Wow, this made me cry. So beautifully written Emma and So true! Your little one will be so fortunate to one day read those words and I feel fortunate for having read them. Thank you for that great reminder. And you are indeed beautiful and a goddess { } Thank you Thank you Thank you {{ }}

  3. Amanda on July 31, 2018 at 10:31 pm

    Loved this, Emma. Made me think of two things: 1) the first man I dated post-divorce told me, “You’re beautiful,” and then somewhat snidely, “But you already know that.” No…I don’t know that. I think he called me that one other time in three years, as if it were something to parse out sparingly.

    I met a man recently who told me he cheated on his wife of 20 years because he was never attracted to her. Really? In 20 years? First of all, total bullsh** rewriting of history to justify his awful actions, and two, I wonder if he ever told her she was beautiful. How disrespectful and degrading.

    • sampath Kumar on August 1, 2018 at 10:49 pm

      Hai I love you

  4. Alison on July 31, 2018 at 7:58 pm

    Yes! I tell my son daily how much he is loved and how handsome and beautiful he is. I think a child that feels their parent’s deep love and adoration for them, helps them grow up to be more secure and confident adults. You’re instilling self-worth and that’s so crucial to future relationships.

    And I agree, it does affect your self-confidence if you’re with a man who you don’t believe finds you beautiful! It certainly does damage your self-esteem!

    Thanks for sharing your letter… it’s beautiful <3 :)

  5. Salimah on July 31, 2018 at 6:52 pm

    This is wonderful. Thank you Emma. I often think about how to say this to my daughter and i will definitely use this as inspiration (for her and myself).

  6. Cielle on July 31, 2018 at 4:20 pm

    When I read this, I immediately thought that two of the things that makes us most beautiful are empathy and kindness. If you don’t have those things, you are ugly, ugly, ugly. The problem wasn’t necessarily that he didn’t see you as physically beautiful. The problem was that he didn’t seem to care about how his words or lack thereof could wound those he claimed to care about.

  7. Staci on July 31, 2018 at 4:08 pm

    I love this! My first husband never once told me I was beautiful in almost 17 years. When I finally began to realize that I am beautiful & do have value whether he saw it or not, I was able to take my 3 beautiful daughters & start a new life without him. It was the best decision I have ever made. I am now less than 2 weeks away from my wedding to the most wonderful man I have ever known. He tells me almost daily that I am beautiful, regardless of my appearance. I am careful to remind my girls often that they are beautiful & loved & have immeasurable value just because they exist.

  8. Veronica Mitchell on June 27, 2018 at 11:52 am

    Aw, what a powerful letter from an inspiring mother like you! Thank you for sharing this. I will soon start writing letters like this to my daughters and son.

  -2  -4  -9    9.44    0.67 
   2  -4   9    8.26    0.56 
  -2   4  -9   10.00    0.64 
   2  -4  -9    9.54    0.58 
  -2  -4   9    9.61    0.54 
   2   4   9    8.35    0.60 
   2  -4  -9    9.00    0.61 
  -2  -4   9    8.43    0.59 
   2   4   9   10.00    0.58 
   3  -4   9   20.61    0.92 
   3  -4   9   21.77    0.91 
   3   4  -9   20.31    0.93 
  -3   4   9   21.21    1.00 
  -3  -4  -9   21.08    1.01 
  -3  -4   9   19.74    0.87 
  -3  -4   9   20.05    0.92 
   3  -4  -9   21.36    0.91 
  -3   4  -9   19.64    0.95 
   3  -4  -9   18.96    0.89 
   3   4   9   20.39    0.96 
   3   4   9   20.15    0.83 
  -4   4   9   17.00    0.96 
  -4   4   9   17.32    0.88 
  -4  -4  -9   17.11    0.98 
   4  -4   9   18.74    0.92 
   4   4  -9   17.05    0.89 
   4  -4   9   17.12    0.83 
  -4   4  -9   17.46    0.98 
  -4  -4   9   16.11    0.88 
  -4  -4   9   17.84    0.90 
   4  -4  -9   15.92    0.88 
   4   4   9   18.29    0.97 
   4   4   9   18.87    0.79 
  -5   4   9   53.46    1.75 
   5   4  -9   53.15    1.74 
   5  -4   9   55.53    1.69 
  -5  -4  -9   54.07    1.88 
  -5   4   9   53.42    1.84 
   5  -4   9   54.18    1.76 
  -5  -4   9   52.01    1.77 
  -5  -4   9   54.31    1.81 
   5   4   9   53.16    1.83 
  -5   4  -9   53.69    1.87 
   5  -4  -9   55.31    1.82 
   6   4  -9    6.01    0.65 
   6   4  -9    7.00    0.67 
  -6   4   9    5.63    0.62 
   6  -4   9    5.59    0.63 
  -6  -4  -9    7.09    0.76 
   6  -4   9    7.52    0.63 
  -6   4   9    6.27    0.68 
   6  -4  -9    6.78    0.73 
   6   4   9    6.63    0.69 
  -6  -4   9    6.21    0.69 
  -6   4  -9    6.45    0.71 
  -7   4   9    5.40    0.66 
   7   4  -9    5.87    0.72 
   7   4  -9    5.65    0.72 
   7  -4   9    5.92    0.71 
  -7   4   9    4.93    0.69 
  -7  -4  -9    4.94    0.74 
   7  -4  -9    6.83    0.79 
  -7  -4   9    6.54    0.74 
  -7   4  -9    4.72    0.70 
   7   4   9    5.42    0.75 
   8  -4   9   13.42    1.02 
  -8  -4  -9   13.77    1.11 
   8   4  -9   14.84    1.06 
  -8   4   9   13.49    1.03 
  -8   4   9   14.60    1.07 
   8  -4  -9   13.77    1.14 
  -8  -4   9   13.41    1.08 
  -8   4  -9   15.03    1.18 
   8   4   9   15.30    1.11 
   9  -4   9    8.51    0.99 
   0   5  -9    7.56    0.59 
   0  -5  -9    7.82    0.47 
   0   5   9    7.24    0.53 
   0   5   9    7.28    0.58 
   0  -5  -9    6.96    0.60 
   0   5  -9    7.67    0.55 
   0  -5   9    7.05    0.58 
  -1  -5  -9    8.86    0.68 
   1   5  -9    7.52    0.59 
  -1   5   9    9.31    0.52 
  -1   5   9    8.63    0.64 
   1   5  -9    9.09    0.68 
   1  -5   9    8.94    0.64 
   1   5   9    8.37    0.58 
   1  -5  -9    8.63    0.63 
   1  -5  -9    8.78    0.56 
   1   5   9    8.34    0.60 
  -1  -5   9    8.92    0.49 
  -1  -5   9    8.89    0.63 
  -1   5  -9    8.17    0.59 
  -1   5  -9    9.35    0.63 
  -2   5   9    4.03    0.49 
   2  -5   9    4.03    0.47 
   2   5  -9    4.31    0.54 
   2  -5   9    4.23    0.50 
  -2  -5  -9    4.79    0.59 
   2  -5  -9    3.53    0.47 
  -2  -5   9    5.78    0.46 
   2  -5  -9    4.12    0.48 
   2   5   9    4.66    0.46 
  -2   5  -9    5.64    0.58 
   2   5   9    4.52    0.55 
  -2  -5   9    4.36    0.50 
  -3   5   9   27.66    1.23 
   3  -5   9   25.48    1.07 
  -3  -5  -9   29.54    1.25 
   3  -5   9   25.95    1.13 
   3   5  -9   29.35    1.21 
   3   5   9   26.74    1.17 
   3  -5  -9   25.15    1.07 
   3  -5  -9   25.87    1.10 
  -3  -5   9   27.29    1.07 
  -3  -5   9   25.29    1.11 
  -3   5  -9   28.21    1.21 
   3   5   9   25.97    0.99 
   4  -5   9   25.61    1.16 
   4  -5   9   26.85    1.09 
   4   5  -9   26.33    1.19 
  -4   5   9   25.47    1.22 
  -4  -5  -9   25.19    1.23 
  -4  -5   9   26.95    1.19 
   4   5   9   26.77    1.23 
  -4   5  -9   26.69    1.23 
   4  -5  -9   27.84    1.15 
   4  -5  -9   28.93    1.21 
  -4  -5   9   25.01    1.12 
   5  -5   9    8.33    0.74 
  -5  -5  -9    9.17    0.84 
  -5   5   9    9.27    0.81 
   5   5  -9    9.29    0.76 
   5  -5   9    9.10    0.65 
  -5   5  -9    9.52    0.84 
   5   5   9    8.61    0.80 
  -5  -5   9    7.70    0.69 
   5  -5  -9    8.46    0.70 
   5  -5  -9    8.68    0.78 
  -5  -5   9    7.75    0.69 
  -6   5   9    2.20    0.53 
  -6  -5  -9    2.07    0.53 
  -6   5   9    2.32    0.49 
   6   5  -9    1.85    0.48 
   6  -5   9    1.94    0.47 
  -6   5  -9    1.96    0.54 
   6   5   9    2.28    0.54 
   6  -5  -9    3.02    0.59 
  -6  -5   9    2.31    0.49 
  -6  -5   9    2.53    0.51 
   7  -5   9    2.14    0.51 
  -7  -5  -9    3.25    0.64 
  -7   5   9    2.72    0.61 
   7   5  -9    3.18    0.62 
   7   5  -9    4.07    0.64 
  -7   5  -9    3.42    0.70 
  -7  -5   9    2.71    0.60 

9. Elizabeth Robles on January 3, 2016 at 10:17 am

    Dearest Emma,
    I was drawn to your website and love your letter to your beautiful daughter. I remind myself everyday that once WE realize we are beautiful within as each of us are connected to the one essence, we let everybody off the hook. I find myself less and less dependent on other’s love or no love for me, like you said, really has nothing to do with me, but with their own disconnectedness within themselves. Realizing that allows utter freedom and understanding of others in their own lives. But more importantly, the contrast that helped clarify more of what you want propels you to choose a happier and happier life. It only gets better and better from there. Thank you again Emma. You’re awesome!

    • Emma on January 6, 2016 at 12:16 pm

      What a lovely note. Thank you Elizabeth! xxx

  10. Thandokazi on July 8, 2015 at 7:29 am

    Hi! Wow, I’m loving your letter. I also have a daughter and I’m a single mother im just inspired! Our little girls need to know that they are worth so much more than compliments from men…

    • Emma on July 14, 2015 at 9:46 am

      :) so true. Thank youxx

  11. Kathleen Crowley on April 18, 2014 at 7:16 pm

    Dear Emma,
    What a beautiful letter! Your daughter is blessed – My hope for every little girl in the world is that she is told over and over, day after day, that she is beautiful, so that she will feel it in the core of her being and never doubt it. WIth that kind of strength, she can take on whatever life brings her way and be strong in knowing who she is, so that she can recognize those other souls who see her beauty shining through.

    I am really enjoying your great financial advice, and refreshing perspectives. I am divorced, but childless. From one up-by- the-bootstraps woman to another, thank you!


    • Emma on April 22, 2014 at 5:15 pm

      Kathleen – thank you so much for this lovely note!!

  12. Alden on February 7, 2014 at 3:39 pm